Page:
When it comes time to buy, they handle the entire process for you — beginning to end.
Silencer Central will even get you set up with a trust to make future purchases a cinch!
ATF paperwork comes ready for your signature, so there’s no stumbling through the process.
When the feds give you their blessing, Silencer Central will ship your suppressor straight to your house since they’ve got setups in all 42 states that allow suppressors.
Yeah, you read that right.
No need to wait among the peasants at your local FFL. You can take care of the process entirely at home. It’s, like, an introvert’s dream.
2. Capitol Armory
Another huge player in the suppressor world is Capitol Armory.
While Silencer Central has the ship to your doorstep option…they pretty much push their own suppressor line and sometimes YHM products.
Capitol Armory has them ALL…including the big boys of SilencerCo and Dead Air.
They have an online NFA Gun Trust for $79 to help you set up. They started off in Texas but now are available in over half the suppressor legal states.
Current states where they can ship directly: Texas, Alabama, Colorado, Florida, Georgia, Indiana, Iowa, Kansas, Louisiana, Michigan, Missouri, North Carolina, New Hampshire, Pennsylvania, Ohio, South Carolina, Utah, Virginia, or Washington.
Otherwise, they can still send it to your local FFL.
Bottom line…if you’re looking for one of the best selections…check out Capitol Armory.
3. Silencer Shop (S.I.D. Kiosks)
The Secure Identity Documentation Kiosk, courtesy of Silencer Shop, streamlines the suppressor process. After buying a suppressor from Silencer Shop, you head to an authorized Powered by Silencer Shop dealer.
From there, the rest of your transaction takes place through the S.I.D. Kiosk. (With over 300 locations nationwide, there’s probably a kiosk near you.)
Hate filling out the same paperwork every time?
The S.I.D. system eliminates the redundancy of paperwork by storing your information — including your fingerprints.
Next suppressor you buy will come with an even quicker and easier paperwork procedure.
The kiosk is a free service if you select a Powered by Silencer Shop dealer; however, if you opt for a dealer outside of that category, the fee averages $40, according to Silencer Shop.
This hybrid experience does mean you have to leave your house and head to a registered Silencer Shop dealer, though.
That said, it does make future buying easy.
4. Online Retailers
Shoppers after a boutique suppressor or those with eagle eyes for deals might find online retailers, like Brownells and Rainier Arms, a good match.
With a bevy of suppressors for all types of guns, you’re sure to find whatever it is you seek.
Worth noting that if you buy a suppressor online through an online retailer, you are responsible for providing them with the information of a local FFL able to hold and transfer suppressors.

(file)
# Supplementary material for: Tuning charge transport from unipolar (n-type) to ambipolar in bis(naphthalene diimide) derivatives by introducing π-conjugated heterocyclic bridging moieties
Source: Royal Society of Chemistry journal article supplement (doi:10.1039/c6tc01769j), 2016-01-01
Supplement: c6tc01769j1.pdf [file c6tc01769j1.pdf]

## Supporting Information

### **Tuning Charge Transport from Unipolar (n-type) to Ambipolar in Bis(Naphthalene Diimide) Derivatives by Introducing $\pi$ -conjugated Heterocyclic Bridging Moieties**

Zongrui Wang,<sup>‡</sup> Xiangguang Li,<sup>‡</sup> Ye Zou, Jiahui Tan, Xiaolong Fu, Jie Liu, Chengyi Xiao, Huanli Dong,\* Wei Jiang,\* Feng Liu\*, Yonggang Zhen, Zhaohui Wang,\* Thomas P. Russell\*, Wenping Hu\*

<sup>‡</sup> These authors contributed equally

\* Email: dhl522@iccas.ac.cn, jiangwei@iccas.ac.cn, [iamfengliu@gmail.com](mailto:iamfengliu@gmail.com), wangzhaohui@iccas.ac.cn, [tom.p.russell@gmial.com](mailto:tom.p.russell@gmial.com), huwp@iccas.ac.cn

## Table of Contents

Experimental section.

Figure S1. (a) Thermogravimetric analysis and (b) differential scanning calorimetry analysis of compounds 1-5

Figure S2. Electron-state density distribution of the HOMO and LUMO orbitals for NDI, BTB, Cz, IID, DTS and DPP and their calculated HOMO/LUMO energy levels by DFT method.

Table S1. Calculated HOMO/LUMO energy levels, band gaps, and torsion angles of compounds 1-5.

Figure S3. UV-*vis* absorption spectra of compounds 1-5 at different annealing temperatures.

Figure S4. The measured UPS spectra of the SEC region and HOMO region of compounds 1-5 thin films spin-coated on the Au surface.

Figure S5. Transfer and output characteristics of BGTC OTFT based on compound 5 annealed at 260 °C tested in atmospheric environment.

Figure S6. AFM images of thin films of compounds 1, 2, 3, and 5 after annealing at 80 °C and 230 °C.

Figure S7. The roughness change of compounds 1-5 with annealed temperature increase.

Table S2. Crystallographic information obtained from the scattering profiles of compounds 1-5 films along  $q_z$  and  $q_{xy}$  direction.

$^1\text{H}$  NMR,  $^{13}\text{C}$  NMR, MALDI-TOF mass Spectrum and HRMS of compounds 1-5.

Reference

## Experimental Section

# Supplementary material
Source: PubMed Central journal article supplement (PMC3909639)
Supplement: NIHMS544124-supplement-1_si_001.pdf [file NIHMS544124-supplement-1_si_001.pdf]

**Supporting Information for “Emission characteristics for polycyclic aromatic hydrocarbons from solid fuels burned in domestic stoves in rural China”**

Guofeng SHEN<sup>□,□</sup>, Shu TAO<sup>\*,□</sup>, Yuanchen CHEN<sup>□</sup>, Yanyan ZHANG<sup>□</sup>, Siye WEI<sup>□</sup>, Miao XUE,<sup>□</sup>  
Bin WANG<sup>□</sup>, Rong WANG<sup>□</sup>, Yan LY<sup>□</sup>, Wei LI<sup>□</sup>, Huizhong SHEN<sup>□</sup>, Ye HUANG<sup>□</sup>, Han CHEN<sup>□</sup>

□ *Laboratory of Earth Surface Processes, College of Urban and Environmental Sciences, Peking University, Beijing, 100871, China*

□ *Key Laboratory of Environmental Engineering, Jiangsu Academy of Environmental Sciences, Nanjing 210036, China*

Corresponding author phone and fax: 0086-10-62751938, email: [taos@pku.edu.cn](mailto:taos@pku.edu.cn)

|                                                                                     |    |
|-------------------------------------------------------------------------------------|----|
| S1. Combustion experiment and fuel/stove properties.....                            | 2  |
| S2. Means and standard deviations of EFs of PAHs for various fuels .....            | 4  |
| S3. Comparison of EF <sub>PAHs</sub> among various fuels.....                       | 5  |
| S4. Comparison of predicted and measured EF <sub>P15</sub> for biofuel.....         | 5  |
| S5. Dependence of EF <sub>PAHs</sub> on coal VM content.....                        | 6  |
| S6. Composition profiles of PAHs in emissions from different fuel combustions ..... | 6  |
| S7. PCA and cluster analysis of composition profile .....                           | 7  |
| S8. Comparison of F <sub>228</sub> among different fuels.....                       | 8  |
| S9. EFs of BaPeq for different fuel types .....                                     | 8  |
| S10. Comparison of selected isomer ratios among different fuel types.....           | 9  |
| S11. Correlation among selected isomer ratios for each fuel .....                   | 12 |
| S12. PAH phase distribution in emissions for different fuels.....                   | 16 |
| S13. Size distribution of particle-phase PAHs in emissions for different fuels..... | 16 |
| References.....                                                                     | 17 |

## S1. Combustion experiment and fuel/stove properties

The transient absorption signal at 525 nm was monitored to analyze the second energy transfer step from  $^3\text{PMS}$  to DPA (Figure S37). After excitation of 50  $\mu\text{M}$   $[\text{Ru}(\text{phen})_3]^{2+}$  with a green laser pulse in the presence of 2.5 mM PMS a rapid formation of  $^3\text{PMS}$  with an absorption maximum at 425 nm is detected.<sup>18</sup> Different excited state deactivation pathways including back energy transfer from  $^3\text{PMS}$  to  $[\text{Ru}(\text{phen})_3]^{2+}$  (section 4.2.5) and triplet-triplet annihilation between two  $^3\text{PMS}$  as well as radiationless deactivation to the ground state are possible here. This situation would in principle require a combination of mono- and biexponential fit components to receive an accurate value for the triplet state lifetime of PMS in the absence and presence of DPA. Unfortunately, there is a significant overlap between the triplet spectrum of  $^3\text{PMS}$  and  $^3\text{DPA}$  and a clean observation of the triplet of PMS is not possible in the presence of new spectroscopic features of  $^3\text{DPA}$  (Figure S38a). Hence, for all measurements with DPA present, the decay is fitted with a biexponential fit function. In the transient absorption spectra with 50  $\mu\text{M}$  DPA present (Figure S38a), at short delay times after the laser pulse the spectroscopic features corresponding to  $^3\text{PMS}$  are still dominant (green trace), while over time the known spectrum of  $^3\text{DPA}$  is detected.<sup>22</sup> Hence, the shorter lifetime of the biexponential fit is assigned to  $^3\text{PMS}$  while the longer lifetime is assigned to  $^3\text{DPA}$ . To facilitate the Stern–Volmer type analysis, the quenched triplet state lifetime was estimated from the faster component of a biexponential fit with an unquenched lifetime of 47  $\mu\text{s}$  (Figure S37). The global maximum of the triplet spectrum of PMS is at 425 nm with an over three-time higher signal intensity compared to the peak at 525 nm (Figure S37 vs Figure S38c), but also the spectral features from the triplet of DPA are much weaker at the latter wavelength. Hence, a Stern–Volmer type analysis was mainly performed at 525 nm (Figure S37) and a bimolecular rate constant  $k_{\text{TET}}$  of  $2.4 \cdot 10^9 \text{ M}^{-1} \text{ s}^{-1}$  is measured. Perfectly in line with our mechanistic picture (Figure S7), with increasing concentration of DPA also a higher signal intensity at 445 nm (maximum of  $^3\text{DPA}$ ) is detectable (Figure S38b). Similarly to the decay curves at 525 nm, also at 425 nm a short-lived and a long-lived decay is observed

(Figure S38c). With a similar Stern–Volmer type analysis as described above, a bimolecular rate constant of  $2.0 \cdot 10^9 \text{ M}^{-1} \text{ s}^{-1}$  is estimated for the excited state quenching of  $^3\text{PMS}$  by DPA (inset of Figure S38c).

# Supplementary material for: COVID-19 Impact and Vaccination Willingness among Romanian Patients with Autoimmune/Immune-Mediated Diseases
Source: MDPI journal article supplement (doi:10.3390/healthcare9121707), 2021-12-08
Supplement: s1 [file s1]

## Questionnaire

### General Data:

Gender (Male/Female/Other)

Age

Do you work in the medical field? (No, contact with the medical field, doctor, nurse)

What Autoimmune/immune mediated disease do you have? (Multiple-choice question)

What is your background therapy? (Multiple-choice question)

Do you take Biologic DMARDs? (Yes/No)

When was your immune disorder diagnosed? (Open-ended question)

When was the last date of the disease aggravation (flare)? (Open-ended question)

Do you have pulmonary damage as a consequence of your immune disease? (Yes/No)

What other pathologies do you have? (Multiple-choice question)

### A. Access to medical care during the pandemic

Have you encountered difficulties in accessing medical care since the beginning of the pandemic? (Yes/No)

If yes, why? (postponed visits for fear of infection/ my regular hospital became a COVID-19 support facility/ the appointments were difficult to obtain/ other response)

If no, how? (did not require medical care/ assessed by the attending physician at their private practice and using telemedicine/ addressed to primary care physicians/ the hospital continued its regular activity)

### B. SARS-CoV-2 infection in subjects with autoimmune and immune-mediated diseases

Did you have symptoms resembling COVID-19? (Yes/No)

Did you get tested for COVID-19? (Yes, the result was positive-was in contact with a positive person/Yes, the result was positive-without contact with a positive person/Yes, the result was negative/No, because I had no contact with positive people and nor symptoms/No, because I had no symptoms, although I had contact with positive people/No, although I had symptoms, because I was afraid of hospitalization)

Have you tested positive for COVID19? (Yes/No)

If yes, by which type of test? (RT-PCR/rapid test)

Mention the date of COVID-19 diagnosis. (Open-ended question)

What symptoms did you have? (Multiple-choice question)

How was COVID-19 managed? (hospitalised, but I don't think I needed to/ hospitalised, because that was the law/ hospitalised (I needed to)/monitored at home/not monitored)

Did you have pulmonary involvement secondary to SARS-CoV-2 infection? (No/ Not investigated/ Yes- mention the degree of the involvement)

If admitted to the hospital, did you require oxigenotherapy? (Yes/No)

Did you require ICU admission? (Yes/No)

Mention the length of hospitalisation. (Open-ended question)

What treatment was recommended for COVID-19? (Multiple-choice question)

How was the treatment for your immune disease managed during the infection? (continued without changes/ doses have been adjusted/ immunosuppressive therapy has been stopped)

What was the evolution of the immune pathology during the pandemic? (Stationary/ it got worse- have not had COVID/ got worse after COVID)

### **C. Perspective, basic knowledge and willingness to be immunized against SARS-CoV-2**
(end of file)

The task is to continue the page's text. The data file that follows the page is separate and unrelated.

Dealers with this ability to handle NFA items like suppressors are called SOTs, or Special Occupational Taxpayers.
In order for online stores to get your silencer to you, you need to find an FFL who is also a SOT to complete the transfer.
Easiest way to do this is to call around to local dealers and ask. Before you purchase online, though, make sure to grab a copy of the dealer’s FFL and SOT to provide to the retailer.
5. Local Gun Shops
The final option for grabbing your own can is to do it the old-fashioned way — head to a Class III dealer.
These shops are stocked with suppressors but often leave most of the grunt work up to you.
Setting up a trust? That’s on you. Getting fingerprints? Also, your responsibility.
This option is best suited for the one-and-done shopper who intends to buy only one NFA item for the rest of eternity.
Alternatively, if you’re a gun owner who prefers to sidestep technology in favor of shopping local, this is your best bet.
Either way, you’ll need to get your ducks in a row before heading to the store.
If you intend to purchase via a gun trust, take care of that through a service or your attorney beforehand, as most shops can’t help you with that.
Some shops are able to help out with the ATF’s Form 4 — the paper that must be filled out with suppressor info and your deets in order to register the can with the ATF.
If they don’t help with that, make sure to research the ATF process so you can confidently work through the steps.
Aside from the hearing benefits on the range and in the woods, suppressors are just plain cool.
One-stop shops like Silencer Central, tech-savvy S.I.D. Kiosks, and even online/local gun store options have made finding and buying a suppressor super easy these days.
So head to your favorite place (either online or in-person) and get to shopping!
Also, if you’re in the market for a can (or two) check out Johnny B’s recent reviews of Silencer Central’s sister suppressors — the Banish 30 and Banish 45.
Which buying method do you prefer? Sound off in the comments below. Want even more suppressor goodness? Check out the Best 9mm & .45 ACP Suppressors, AR-15 Suppressors, and Best Rimfire Suppressors.